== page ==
The High Court has unanimously decided that an internet service provider, iiNet, is not liable for authorising the copyright infringements by its users who downloaded movies on its network. The unanimous decision brings to a conclusion the copyright battle commenced by the movie studios in 2008.

Roadshow Films Pty Ltd v iiNet Limited [2012] HCA 16

Background

The important legal issue in these proceedings was whether iiNet had authorised the infringing acts of its customers who downloaded unauthorised copies of movies using iiNet’s network. The movie studios had argued that the provision of unfettered internet access by iiNet to its customers, the knowledge of iiNet that some of its customers were infringing copyright (as a result of infringement notices being issued on behalf of the movie studios), and the refusal of iiNet to warn infringing customers or terminate their accounts amounted to authorisation of its customers’ infringements under section 101(1) of the Copyright Act 1968 (Cth) (Act).

Decision

In a relatively brief decision, the High Court found that iiNet’s conduct did not amount to authorisation. The court noted that section 101(1A) of the Act provides three matters that need to be taken into account when determining whether iiNet had authorised the infringing acts:  

  • The extent of iiNet’s power to prevent its customers from committing the primary infringements of copyright.
  • The nature of the relationship that existed between iiNet and its customers.
  • Whether iiNet took any other reasonable steps to prevent its customers from committing the infringing acts.

The High Court held that iiNet’s power to prevent infringements was limited. The Court held that iiNet had limited technical ability to prevent infringements: it did not host infringing content, it did not have any involvement with or control over the BitTorrent peer-to-peer file sharing system used by its customers, it did not assist users in finding infringing content nor could it actually remove infringing content from its customers’ computers. Furthermore, it was noted that, even if it could do some of these things, iiNet could not prevent its customer from using another internet service provider’s (ISP) services. This only left iiNet with the limited power of terminating the contractual relationship with its customers – which the Court considered was an indirect and limited power.  

On the question of whether iiNet had taken reasonable steps to prevent infringing acts, the Court held that the information provided in the infringement notices on behalf of the movie studios did not give iiNet a reasonable basis upon which to warn alleged infringing customers nor, if necessary, to suspend or terminate their accounts if the infringements continued. The Court noted that the notices provided limited evidence of the infringements and also noted the fact that it was impractical and costly for iiNet to verify the allegations contained in the infringement notices without it infringing the movie studios’ copyright itself. Finally, the Court considered that iiNet’s unwillingness to act on the notices was based simply on iiNet’s assessment of the risks of taking action on such limited information. The High Court concluded that iiNet’s failure to act on the infringement notices did not amount to authorisation of the copyright infringement by its customers.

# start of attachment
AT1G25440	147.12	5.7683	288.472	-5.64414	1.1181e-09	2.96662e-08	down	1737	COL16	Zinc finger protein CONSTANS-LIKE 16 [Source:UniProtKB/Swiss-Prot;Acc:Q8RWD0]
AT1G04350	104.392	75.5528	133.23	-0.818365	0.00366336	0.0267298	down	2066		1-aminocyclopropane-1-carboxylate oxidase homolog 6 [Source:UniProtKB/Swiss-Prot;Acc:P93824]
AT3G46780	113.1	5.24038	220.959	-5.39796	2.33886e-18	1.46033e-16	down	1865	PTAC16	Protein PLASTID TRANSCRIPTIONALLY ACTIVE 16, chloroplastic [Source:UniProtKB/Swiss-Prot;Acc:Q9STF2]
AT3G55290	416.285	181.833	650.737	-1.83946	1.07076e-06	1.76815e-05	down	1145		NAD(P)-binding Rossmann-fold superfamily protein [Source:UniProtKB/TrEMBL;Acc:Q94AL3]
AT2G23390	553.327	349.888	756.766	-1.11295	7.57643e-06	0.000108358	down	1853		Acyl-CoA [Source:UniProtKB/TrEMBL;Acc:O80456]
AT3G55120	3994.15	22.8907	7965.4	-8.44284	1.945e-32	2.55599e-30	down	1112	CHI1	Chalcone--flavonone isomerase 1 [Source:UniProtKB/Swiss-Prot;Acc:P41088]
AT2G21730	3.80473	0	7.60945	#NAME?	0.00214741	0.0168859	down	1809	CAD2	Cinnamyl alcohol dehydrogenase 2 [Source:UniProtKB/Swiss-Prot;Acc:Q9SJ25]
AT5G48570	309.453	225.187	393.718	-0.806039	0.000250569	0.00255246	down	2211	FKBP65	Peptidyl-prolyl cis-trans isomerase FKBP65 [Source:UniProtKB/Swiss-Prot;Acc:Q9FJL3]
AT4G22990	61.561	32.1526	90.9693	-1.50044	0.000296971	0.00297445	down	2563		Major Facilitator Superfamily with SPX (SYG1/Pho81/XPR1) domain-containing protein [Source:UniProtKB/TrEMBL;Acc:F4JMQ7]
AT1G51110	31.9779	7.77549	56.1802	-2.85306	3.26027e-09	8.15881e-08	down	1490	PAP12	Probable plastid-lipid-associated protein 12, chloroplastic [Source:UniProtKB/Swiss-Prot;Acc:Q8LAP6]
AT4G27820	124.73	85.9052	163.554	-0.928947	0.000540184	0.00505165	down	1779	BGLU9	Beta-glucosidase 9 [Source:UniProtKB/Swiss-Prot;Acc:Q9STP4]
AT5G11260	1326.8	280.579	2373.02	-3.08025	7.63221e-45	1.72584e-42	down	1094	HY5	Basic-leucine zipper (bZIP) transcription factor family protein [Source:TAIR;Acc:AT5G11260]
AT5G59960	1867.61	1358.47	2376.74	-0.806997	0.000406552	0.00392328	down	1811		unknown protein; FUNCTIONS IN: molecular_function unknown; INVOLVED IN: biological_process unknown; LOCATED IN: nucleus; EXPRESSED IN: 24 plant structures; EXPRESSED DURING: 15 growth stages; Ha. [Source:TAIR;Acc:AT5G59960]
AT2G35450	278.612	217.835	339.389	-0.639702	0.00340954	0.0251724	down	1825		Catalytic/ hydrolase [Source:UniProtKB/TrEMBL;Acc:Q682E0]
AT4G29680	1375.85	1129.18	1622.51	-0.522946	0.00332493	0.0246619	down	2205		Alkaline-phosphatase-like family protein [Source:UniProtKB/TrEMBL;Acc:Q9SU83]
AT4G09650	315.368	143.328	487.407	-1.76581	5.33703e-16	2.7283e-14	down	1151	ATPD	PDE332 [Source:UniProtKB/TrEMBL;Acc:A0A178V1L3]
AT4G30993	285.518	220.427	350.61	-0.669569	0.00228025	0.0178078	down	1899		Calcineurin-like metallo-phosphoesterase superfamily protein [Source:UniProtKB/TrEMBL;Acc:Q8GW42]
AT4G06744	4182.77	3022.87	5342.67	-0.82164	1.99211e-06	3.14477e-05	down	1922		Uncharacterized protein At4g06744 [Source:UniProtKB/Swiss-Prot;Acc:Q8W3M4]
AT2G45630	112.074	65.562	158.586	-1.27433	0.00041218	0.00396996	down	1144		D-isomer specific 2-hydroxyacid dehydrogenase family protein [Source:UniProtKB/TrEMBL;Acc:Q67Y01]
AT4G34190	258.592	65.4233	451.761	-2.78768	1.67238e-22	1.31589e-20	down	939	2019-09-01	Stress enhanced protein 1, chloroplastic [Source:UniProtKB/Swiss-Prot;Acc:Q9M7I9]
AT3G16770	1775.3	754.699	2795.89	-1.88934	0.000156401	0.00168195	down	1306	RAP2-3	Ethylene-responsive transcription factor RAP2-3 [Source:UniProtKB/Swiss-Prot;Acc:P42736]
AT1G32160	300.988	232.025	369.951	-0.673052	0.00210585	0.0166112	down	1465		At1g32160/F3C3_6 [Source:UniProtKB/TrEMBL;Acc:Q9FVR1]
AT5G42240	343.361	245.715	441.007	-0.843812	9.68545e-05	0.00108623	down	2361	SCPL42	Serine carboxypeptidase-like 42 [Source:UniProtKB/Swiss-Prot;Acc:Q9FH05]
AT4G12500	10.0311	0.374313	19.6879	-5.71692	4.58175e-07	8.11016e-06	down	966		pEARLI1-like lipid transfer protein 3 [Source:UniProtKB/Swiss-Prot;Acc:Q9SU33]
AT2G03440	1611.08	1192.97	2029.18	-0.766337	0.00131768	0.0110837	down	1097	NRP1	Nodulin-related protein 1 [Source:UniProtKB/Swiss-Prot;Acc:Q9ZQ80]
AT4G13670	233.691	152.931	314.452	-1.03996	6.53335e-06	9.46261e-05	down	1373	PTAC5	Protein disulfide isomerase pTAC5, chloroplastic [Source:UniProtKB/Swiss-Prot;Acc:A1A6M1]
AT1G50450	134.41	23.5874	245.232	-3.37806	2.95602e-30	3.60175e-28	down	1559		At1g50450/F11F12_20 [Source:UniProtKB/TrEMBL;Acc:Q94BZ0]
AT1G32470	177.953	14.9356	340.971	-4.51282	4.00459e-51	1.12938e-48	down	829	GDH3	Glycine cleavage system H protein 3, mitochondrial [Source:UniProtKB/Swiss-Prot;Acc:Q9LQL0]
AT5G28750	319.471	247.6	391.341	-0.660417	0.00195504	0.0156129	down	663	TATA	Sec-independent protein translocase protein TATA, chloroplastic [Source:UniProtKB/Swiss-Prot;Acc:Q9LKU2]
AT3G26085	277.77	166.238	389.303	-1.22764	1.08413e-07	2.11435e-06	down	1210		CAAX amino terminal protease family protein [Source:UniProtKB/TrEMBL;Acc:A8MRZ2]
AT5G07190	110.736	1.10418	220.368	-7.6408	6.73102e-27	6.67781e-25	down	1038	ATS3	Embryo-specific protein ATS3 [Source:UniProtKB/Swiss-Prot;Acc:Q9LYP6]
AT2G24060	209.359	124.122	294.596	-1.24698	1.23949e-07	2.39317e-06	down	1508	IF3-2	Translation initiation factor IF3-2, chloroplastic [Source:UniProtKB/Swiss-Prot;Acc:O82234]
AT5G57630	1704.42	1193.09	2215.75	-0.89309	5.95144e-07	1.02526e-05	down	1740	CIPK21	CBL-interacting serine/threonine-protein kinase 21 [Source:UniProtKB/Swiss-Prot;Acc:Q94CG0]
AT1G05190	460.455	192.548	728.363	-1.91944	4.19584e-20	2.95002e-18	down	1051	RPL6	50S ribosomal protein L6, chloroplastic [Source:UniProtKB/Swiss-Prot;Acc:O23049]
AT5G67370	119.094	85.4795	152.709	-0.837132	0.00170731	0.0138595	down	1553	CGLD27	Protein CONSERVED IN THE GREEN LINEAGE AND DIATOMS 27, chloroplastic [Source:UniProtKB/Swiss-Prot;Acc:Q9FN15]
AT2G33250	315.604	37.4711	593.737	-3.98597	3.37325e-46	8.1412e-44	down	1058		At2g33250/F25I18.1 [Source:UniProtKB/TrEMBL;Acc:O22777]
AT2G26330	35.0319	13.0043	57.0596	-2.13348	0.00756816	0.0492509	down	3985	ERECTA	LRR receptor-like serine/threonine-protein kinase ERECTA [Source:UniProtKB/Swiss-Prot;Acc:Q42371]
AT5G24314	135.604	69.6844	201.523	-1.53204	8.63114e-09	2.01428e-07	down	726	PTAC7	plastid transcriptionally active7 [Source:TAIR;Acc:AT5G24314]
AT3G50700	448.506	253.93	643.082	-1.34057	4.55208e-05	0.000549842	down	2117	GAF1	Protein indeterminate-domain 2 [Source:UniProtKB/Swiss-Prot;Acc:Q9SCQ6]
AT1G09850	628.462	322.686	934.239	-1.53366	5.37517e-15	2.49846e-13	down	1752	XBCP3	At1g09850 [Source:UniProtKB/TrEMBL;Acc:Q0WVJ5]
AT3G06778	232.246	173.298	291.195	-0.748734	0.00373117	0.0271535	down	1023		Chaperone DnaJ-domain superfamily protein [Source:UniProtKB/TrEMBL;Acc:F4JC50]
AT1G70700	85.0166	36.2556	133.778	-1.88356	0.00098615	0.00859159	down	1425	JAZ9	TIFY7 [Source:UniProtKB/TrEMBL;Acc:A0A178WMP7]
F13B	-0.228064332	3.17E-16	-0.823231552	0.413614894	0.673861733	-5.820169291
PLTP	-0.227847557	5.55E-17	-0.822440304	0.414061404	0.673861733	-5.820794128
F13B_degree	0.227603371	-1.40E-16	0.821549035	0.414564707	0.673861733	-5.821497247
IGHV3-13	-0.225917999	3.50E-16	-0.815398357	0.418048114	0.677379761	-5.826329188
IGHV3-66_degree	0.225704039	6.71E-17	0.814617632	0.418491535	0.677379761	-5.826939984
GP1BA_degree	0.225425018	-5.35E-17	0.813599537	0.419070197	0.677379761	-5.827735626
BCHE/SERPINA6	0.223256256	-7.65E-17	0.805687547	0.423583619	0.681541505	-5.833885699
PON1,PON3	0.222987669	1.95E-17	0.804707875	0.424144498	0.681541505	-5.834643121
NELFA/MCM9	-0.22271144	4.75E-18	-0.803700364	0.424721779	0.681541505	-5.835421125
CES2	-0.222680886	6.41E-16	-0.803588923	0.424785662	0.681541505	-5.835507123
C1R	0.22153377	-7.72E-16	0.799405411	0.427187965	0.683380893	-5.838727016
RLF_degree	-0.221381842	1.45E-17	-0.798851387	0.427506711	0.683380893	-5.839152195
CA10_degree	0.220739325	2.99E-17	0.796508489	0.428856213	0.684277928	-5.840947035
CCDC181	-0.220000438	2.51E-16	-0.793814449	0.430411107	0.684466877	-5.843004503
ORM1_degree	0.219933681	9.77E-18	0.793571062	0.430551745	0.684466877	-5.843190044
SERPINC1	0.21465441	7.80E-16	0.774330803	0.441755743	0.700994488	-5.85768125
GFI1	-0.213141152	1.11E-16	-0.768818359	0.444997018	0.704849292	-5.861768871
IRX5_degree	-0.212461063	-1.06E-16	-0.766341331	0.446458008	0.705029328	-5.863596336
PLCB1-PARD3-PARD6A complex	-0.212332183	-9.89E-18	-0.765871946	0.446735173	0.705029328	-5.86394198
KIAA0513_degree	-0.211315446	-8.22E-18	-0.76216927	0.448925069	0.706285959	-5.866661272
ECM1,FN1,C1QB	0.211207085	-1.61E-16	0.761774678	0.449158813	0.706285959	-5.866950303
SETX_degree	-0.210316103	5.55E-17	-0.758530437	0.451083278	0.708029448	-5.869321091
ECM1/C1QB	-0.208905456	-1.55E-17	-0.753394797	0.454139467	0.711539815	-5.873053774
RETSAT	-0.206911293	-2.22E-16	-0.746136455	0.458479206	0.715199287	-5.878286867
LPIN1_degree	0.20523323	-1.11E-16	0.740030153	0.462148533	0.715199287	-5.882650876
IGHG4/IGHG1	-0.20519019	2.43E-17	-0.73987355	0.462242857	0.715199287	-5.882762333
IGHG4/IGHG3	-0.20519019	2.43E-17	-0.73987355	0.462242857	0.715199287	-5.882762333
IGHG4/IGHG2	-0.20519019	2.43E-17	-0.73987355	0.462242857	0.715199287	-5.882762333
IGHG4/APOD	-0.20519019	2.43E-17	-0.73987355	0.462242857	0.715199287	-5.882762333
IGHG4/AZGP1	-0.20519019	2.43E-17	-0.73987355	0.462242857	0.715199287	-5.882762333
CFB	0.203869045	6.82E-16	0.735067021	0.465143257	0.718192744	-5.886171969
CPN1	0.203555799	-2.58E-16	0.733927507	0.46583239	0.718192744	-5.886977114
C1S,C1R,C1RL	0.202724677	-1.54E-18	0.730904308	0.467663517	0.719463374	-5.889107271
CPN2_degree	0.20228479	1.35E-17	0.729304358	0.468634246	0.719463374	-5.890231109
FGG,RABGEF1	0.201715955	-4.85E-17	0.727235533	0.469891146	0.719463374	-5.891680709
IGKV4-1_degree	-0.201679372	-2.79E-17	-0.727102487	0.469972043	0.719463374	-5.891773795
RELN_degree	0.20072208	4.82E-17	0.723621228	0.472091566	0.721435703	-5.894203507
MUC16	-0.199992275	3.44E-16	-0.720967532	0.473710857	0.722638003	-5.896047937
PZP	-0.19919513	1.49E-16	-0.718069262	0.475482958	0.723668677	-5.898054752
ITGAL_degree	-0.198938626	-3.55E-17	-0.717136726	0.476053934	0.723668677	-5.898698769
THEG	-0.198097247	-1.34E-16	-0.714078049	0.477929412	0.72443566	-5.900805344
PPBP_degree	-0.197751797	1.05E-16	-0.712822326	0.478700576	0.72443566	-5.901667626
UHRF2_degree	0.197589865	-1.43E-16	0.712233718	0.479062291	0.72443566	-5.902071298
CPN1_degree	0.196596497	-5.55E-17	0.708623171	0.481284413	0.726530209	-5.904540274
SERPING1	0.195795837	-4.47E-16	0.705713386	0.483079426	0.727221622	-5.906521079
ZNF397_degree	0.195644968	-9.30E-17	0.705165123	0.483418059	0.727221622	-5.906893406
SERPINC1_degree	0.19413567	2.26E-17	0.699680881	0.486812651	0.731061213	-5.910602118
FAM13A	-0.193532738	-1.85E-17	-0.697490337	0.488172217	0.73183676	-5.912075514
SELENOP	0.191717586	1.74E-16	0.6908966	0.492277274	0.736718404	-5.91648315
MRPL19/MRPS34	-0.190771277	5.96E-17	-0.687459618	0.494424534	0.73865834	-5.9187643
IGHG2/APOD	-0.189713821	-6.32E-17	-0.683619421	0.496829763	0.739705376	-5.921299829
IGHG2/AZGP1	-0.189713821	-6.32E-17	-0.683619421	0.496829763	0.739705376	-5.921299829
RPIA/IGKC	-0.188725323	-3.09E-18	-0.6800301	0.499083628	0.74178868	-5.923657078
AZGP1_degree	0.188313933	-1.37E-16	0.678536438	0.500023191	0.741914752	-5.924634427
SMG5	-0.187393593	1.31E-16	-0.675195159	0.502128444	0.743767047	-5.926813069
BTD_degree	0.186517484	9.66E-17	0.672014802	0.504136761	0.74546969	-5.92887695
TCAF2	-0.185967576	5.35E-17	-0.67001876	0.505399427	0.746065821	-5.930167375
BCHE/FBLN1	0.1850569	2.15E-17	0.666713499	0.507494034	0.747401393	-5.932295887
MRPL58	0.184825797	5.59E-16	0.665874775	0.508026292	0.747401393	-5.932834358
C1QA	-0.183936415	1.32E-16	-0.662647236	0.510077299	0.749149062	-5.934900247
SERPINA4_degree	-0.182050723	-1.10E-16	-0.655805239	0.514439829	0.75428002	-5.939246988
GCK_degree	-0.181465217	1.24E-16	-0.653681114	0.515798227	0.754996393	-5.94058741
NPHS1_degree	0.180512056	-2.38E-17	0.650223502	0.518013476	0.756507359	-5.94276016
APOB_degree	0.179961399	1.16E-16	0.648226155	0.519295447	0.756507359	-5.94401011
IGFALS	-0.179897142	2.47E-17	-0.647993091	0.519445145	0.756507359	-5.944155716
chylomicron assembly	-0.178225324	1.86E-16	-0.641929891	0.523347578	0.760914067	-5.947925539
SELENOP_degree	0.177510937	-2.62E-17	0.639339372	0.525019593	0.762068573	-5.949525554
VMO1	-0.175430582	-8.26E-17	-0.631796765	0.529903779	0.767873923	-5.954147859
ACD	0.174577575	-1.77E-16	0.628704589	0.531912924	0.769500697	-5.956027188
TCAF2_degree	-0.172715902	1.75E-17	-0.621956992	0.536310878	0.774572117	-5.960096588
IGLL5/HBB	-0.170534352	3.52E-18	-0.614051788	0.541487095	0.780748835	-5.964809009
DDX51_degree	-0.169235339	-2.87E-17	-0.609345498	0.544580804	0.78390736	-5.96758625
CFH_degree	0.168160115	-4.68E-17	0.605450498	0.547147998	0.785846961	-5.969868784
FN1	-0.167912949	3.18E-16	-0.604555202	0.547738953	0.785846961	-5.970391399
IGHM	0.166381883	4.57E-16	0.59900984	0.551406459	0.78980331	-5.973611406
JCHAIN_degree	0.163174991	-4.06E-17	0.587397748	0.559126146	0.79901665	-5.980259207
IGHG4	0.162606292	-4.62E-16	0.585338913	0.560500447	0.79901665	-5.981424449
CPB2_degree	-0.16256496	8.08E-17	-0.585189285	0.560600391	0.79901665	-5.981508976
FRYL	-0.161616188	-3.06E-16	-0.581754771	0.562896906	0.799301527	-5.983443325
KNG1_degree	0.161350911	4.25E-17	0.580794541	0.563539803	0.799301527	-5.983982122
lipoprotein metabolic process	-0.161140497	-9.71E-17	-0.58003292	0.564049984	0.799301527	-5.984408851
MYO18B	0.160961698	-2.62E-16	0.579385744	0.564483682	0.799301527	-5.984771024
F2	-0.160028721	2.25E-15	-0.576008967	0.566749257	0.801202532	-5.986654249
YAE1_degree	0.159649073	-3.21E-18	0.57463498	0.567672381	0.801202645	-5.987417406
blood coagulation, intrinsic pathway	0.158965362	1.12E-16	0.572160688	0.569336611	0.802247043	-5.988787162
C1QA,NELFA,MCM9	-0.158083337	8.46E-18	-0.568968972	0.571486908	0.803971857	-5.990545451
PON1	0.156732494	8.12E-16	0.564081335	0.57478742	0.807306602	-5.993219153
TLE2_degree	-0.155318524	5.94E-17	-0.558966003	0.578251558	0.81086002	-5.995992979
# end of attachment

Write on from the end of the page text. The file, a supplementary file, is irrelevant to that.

Implications of the decision

This case deals a severe blow to movie studios in their attempts to hold an ISP liable for authorising the infringing acts of its customers. Importantly, this decision goes further than the decision of the Full Federal Court last year. In that case, the Full Federal Court had held that iiNet had not authorised the infringements due to the fact that the infringement notices were inadequate. But it had hinted that had the infringement notices provided “unequivocal and cogent evidence” of infringement and had the movie studios provided contractual protection to the ISP against costs and liabilities to customers for wrongful termination of accounts, iiNet’s failure to act might have been unreasonable and, therefore, amounted to authorisation.  

In this decision, the High Court also referred to the lack of information provided in the infringement notices. However, the High Court also found, in addition, that iiNet only had an indirect contractual power to prevent the infringing activities of its customers. The High Court noted that even if iiNet terminated a customer’s account this did not ensure prevention of the infringing activity. The emphasis of the High Court on iiNet’s limited indirect power means that it will not be enough for the movie studios to simply address the inadequacies in the notices provided to ISPs.  

On a final note, three of the High Court judges expressly noted that “the concept and the principles of the statutory tort of authorisation of copyright infringement are not readily suited to enforcing the rights of copyright owners in respect of widespread infringements occasioned by peer-to-peer file sharing”. This is really a signal that other alternative approaches (such as a voluntary industry code) will be needed by movie studios and other copyright owners in dealing with widespread copyright infringements through peer-to-peer filing sharing. The outcome of this case has likely increased the bargaining power of ISPs generally in Australia in any negotiations towards an industry code.

The one hope for copyright owners may be found in the High Court’s analysis of the degree of control held by ISPs over copyright infringements. On this sort of analysis, other intermediaries, such as social networking platforms or search engines, may be held to have a greater degree of power to control and prevent the infringement of copyright using their services. Accordingly, claims against those intermediaries for authorisation of infringing activities using their services may find greater success.